ROCHESTER, Minn. -- Imagine if your job made you wear a disposable paper mask for days a time, you were afraid of spreading coronavirus to co-workers, and you couldn't even quit if you felt unsafe.
That is exactly what two men serving federal sentences at the Rochester Federal Medical Center say is happening there.
"You feel the stress of it everyday. It’s scary knowing that it's there and you are being forced to go and work in a building with it there and not being given an N95 mask, and you watch the staff go in and out of there and they are not following procedures with even hand washing," said Lauren Reed. "I could bring it back to this unit and spread it back to anybody in this unit, or everybody. We all use the same bathrooms and showers. It’s a very tight space."
Reed works as a health companion in one of the hospital buildings at the prison. The Federal Bureau of Prisons facility houses 638 people, many of whom have serious medical conditions or mental health needs. As of Aug. 30, 14 men had confirmed cases of COVID-19.
According to the Admission and Orientation Handbook published on the prison's website, an inmate will "ordinarily remain on that assignment for a minimum of three months, keeping in mind that the needs of the institution take priority."
"An inmate’s request for a job change will normally not be considered by the unit team until the inmate has remained on the same job for a minimum of three months, and that consideration will normally be part of the inmate’s regular program review," the handbook states. "Work assignment changes because of the need to fill manpower quotas may be done at any time when there is a need."
Reed, scheduled to be released in March 2024, said he tried to quit his job as a health companion but was told he wasn't allowed to quit without doctor approval. Reed has asthma sand said he doesn't feel safe working in the medical unit, especially on a floor he believes has a COVID-19 patient.
A Bureau of Prisons spokesman wrote in an email that inmates who work in various roles in the medical buildings at FMC Rochester are required to wear a surgical mask and appropriate personal protective equipment depending on their job.
"Staff at FMC Rochester have worked to house inmates together based on their jobs within the institution," the spokesman wrote. "However, inmates may request a change in their jobs."
Cases among the men held at the facility began being reported in mid-August. Two inmates and a staff member who spoke with the Post Bulletin said the cases coincide with the arrival of new inmates brought in by U.S. Marshals in August.
Two staff members at FMC Rochester tested positive for COVID-19 this summer, but have since recovered, according to the Bureau of Prisons. In both instances, the staff member had left the state and tested positive upon their return to Minnesota. Neither staff member had been in the facility in the weeks before their positive test result, according to information from a bureau spokesperson.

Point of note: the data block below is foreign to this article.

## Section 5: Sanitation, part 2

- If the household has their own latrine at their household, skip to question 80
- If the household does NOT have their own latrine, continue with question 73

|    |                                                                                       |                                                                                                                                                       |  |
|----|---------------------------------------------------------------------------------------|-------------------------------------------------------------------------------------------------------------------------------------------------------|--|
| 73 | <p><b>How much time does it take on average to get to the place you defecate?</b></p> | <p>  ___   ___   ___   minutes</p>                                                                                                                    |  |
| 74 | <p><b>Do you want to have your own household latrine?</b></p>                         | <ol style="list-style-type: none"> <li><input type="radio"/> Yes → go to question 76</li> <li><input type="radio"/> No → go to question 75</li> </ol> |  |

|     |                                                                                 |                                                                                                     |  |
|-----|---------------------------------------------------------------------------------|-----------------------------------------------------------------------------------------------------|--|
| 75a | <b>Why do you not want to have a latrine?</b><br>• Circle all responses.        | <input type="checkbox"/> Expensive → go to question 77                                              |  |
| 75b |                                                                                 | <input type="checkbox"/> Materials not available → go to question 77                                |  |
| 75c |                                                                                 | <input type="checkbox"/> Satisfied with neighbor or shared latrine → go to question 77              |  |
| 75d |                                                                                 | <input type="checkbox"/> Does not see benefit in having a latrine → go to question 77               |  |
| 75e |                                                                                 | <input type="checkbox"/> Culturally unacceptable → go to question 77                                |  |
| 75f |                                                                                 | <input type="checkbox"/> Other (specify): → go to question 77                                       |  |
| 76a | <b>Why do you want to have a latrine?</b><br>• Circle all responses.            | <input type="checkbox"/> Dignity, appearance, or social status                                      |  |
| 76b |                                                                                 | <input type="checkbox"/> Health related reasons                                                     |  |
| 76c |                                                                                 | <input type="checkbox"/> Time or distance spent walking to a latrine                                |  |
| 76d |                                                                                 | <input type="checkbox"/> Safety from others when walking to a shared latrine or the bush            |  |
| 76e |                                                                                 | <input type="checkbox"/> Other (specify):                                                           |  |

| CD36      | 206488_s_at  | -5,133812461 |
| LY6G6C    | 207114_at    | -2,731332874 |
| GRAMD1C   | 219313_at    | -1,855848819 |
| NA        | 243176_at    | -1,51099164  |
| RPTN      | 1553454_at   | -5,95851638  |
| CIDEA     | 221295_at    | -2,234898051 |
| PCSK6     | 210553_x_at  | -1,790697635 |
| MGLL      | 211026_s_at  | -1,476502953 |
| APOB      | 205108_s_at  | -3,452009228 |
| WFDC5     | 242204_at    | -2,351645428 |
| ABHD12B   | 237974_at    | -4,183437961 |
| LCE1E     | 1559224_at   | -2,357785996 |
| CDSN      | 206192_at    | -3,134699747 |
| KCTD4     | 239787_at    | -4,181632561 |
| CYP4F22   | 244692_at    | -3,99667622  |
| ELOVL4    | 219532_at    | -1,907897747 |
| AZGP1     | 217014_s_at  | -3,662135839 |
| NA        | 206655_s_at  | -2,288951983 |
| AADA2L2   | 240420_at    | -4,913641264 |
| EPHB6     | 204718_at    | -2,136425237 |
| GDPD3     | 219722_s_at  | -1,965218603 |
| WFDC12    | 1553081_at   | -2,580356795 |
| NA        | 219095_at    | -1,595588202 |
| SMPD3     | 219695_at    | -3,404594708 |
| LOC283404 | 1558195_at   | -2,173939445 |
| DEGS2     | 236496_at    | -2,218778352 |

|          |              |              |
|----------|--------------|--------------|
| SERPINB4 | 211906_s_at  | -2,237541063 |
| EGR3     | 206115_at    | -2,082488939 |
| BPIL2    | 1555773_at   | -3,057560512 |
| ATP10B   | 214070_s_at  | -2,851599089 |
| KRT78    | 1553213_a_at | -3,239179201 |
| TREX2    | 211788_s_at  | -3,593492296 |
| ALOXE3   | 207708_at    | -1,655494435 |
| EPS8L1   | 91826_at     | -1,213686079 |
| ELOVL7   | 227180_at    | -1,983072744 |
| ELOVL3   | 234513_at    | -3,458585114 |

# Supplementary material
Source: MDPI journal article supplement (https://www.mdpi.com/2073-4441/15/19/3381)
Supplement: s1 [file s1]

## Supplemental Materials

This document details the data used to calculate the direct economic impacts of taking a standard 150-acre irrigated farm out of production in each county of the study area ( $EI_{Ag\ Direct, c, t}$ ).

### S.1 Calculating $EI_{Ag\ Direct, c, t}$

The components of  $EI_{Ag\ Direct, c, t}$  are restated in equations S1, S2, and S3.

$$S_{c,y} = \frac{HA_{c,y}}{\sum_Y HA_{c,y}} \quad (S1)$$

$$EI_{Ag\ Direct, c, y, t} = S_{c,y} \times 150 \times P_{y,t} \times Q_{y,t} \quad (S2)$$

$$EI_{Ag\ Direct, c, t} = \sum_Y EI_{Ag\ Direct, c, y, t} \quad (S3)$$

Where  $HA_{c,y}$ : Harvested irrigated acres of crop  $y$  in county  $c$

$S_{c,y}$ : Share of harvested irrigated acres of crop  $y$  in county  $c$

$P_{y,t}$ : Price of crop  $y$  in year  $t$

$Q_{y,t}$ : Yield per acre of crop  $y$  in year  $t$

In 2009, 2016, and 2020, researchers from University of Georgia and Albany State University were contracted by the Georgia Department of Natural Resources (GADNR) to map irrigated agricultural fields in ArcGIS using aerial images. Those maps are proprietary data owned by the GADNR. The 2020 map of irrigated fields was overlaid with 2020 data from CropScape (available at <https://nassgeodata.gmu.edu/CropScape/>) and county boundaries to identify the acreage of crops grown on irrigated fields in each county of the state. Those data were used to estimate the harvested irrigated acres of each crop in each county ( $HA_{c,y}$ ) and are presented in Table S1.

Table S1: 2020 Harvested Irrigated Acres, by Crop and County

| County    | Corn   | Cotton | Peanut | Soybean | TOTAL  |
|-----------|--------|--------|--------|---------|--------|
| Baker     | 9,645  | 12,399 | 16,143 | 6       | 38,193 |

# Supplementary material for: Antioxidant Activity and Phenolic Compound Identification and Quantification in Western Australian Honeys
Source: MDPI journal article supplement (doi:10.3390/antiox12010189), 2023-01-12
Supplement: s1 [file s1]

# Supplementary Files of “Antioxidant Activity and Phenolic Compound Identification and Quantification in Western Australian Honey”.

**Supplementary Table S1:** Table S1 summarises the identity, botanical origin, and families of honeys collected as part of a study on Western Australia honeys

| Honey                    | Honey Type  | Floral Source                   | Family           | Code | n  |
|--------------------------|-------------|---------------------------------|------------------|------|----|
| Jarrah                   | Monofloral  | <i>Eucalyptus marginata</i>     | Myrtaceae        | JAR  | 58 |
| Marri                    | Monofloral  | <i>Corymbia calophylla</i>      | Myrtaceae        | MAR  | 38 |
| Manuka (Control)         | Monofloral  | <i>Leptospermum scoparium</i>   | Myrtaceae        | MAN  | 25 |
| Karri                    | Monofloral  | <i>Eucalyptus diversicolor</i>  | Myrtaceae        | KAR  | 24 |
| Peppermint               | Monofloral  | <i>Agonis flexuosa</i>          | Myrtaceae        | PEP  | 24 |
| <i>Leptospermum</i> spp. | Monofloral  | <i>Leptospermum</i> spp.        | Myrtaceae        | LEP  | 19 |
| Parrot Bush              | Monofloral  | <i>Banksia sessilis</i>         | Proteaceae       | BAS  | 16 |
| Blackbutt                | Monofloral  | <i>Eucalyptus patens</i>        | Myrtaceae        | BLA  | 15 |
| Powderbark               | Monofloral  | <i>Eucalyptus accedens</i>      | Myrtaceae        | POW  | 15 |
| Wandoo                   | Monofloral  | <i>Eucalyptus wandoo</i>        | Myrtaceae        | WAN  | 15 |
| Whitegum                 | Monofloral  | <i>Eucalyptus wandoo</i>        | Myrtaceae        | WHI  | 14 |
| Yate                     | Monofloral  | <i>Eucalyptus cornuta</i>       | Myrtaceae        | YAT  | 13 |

Anthony Hill, who is scheduled to be released in August 2025, said he used to work in the hospital at FMC, but quit his job on Aug. 11.
"I had expressed my concerns for my safety working over there because I felt proper protocols weren’t being followed," Hill said. "I did that for almost a month and then it came to a point where I just felt like my safety overruled whatever reprimands they could give me."
Fellow inmates haven't been able to quit their jobs, though, Hill said, for fear of being reprimanded or put in solitary confinement and thus hurting their chances at compassionate release or relief under the Coronavirus Aid, Relief, and Economic Security (CARES) Act.
"It’s nerve wracking for a lot of us because they are still forcing these guys to go over there and work and I am still be forced to room in the same room," Hill said. "I sleep in the same room as the guys who go over and work."
Both Hill and Reed said while working in the hospital building, the men are given one mask to wear for the entire week.
A Bureau of Prisons spokesman wrote in an email that surgical masks were distributed to everyone -- staff and inmates -- in April. Cloth face coverings, made by Federal Prison Industries factories, were also given to inmates to preserve surgical masks for quarantine and screening purposes.
"Guidance as to when and where personal protective equipment such as N95 masks should be worn have been provided to all BOP correctional institutions (including FMC Rochester), is consistent with CDC guidance, and depends on several factors, including whether or not an institution has an active case and each employee’s job description," the spokesman wrote in an email.
Reed is hoping to be able to move to a lower security facility to escape the virus. He's put in a transfer to be moved to a minimum security camp.
"I think staff is trying, but nobody has been able to stop this virus," Reed said. "Once it gets in somewhere, it just spreads."